Paper mill's reopening is celebrated


June 18, 2011
GORHAM — Friday was a gala day of celebration and renewal for the Androscoggin Valley.

A crowd of over 200 union workers and spouses, all adversely affected by layoffs when the Gorham paper mill at Cascades was shuttered in mid-October 2010, clapped and cheered when the mill's new owner, Lynn Tilton, CEO of the private equity firm and holding company Patriarch Partners of New York, emerged around 11:30 a.m. from the SUV in which she had been driven from the Berlin Municipal Airport in Milan.

Local politicians, such as Sen. John Gallus, plus nonprofit leaders, such as AVH CEO Russ Keene, and entrepreneurial business owners were on hand for the celebration and a barbeque.

When Tilton spotted plant manager Willis Blevins, she threw her arms around him in delight and gave him a quick hug. Patriarch Partners purchased the mill and equipment on May 17 for an undisclosed price. The land cost $2 million.

Part of the deal was that Blevins would stay on, Tilton said.

The plant manager's business plan includes the purchase a $35 million custom-made tissue machine that will take about a year to have built in an effort to diversify as well as to make significant reductions in the cost of energy by bringing in both natural gas and landfill methane gas.

Then the CEO, a 1981 graduate of Yale University who said that the renamed Gorham Paper & Tissue, LLC, is the 75th company that she has purchased, talked with the media: Associated Press (AP), WMUR-TV, NHPR, the Union Leader, local newspapers, and a crew filming a segment for a reality show.

Tilton said that things would have to be done differently than in the past but that perseverance and initiative would result in the mill's operating for a very long time. Area children will have the opportunity to work with dignity, making things with their own hands, she said.

Tilton would like to show America that there is new life in small towns for those risk-takers who have both the desire and the significant capital needed to succeed in a turnaround situation.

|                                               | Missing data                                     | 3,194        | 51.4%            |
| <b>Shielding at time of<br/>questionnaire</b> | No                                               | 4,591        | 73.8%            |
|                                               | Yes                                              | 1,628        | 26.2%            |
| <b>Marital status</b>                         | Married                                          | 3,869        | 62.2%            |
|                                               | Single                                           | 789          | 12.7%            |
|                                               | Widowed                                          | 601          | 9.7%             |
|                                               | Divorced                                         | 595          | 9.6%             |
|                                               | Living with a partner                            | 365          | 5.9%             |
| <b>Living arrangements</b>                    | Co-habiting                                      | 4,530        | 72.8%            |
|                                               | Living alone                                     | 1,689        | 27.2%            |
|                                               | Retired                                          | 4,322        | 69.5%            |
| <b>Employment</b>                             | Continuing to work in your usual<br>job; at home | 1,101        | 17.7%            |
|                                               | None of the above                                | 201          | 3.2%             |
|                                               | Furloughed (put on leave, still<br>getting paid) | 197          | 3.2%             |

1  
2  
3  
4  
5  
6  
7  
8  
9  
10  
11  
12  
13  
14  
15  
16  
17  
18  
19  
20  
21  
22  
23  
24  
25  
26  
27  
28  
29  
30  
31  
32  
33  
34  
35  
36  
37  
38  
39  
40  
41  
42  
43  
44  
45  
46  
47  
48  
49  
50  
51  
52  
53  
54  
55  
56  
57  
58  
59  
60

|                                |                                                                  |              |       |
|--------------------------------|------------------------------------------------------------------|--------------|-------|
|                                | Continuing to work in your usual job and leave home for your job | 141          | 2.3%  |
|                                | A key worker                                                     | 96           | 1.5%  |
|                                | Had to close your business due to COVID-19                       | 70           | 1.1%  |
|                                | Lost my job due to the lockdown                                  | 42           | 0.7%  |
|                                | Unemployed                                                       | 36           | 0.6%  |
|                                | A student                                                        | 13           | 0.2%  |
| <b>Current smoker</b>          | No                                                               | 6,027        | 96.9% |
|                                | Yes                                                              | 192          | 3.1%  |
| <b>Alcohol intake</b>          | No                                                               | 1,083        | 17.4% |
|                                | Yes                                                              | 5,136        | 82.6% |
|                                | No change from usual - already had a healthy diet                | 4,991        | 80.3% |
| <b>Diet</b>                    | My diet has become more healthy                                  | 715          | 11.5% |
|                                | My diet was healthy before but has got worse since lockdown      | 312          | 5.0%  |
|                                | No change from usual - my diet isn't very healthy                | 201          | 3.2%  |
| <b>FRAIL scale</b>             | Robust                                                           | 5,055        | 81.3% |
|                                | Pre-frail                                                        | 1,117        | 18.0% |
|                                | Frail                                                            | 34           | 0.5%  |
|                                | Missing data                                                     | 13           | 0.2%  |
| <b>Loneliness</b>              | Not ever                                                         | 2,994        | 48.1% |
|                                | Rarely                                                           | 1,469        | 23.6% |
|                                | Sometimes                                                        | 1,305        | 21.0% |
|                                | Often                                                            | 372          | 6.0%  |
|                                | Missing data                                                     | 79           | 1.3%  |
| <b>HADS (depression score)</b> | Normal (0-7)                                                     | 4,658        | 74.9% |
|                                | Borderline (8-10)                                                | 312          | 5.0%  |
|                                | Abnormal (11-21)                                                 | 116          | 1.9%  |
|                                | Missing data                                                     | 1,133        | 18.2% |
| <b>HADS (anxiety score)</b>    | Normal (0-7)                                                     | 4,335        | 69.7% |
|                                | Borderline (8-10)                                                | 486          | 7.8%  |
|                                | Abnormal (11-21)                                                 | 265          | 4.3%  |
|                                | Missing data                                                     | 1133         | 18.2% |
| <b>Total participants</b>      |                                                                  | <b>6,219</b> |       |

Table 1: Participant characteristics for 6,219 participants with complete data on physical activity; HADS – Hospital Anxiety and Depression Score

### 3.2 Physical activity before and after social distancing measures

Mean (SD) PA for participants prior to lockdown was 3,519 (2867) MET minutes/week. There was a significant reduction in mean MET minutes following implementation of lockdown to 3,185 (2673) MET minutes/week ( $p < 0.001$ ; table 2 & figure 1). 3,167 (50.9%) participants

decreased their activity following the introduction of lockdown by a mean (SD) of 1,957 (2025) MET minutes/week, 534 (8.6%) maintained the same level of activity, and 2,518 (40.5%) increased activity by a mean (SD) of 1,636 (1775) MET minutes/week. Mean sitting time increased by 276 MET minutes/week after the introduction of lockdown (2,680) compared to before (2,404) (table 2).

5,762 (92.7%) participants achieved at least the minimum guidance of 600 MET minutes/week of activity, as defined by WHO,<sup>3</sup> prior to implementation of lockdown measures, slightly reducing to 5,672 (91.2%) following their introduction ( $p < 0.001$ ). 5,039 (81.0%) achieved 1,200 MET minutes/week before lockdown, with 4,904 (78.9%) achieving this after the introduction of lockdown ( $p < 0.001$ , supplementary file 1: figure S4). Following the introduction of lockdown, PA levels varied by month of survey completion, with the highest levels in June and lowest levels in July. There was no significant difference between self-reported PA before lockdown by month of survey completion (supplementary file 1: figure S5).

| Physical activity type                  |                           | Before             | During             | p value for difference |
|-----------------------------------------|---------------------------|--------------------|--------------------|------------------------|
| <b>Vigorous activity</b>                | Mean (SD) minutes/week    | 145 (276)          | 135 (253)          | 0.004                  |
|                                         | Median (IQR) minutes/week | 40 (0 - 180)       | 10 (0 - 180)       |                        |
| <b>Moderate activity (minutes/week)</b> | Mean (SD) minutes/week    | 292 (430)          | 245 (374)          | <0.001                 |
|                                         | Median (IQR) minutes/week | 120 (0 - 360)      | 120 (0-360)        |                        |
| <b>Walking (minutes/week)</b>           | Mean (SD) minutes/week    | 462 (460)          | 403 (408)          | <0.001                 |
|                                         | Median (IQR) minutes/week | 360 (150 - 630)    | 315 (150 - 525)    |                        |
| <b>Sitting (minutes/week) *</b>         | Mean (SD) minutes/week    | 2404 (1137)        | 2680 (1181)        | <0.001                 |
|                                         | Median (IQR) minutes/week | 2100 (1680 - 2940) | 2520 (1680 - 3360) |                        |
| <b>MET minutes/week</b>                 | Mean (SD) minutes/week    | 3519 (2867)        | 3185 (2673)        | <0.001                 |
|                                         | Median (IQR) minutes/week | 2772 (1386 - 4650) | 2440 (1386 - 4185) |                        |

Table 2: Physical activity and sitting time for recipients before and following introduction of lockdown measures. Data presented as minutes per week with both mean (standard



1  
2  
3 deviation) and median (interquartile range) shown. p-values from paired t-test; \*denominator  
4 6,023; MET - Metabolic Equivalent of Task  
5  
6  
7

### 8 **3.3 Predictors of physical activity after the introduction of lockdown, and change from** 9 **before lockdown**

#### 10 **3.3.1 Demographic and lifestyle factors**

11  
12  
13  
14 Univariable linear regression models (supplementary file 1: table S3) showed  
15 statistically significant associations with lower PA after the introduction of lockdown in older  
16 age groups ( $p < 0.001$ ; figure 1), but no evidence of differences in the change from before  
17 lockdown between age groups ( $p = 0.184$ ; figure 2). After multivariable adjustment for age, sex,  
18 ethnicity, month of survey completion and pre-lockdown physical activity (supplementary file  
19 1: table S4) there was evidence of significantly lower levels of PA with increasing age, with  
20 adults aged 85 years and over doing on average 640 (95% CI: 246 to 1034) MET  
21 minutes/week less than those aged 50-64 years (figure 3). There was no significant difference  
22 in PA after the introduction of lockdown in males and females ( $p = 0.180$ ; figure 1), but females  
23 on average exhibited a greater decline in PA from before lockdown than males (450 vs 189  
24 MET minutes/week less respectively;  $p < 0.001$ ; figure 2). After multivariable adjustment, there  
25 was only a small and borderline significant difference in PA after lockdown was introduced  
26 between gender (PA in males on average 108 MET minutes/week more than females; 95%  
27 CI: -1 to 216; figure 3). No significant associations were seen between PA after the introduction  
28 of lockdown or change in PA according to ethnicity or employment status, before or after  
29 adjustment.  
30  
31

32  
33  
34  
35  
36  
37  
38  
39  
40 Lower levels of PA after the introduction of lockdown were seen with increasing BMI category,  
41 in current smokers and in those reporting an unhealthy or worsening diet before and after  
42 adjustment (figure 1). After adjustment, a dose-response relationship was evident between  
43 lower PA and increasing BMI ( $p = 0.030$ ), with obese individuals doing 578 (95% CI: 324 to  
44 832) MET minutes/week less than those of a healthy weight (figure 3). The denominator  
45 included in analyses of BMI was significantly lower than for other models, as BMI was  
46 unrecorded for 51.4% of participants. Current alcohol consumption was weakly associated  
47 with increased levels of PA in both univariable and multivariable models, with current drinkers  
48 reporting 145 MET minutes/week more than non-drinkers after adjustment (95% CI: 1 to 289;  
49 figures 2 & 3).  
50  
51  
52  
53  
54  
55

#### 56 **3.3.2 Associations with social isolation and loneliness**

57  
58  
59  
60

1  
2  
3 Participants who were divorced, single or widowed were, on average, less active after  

"We need to put together a different business model," Tilton said, noting it is essential to be able to weather the booms and busts of the paper industry. Once the paper mill converts from burning oil to natural gas in about five months, more competitive pricing will make it possible to deal with the busts, she predicted.

A little over 200 jobs will be saved or added, Tilton said. On Friday, 35 were already on the payroll, and 60 have been called back to start operating the No. 9 towel machine on June 22.

Another 55 will return to work on July 17, likely to operate the No. 1 flat paper fine paper machine. The No. 4 machine will come on line last.

"You have to have a dream and a vision," Tilton said. "It's the workers who are important; we cannot be against each other." She praised the local work ethic, noting that union workers had developed a culture of appreciation for work and a willingness to battle their way through adversity and hard times.

"Let's remember every day that we are responsible for making people believe they can invest in mills and for making them believe that they can invest in manufacturing," Tilton said. "If we fail, we give credence to those who believe that we don't want these jobs in our nation, that these are jobs that should go overseas.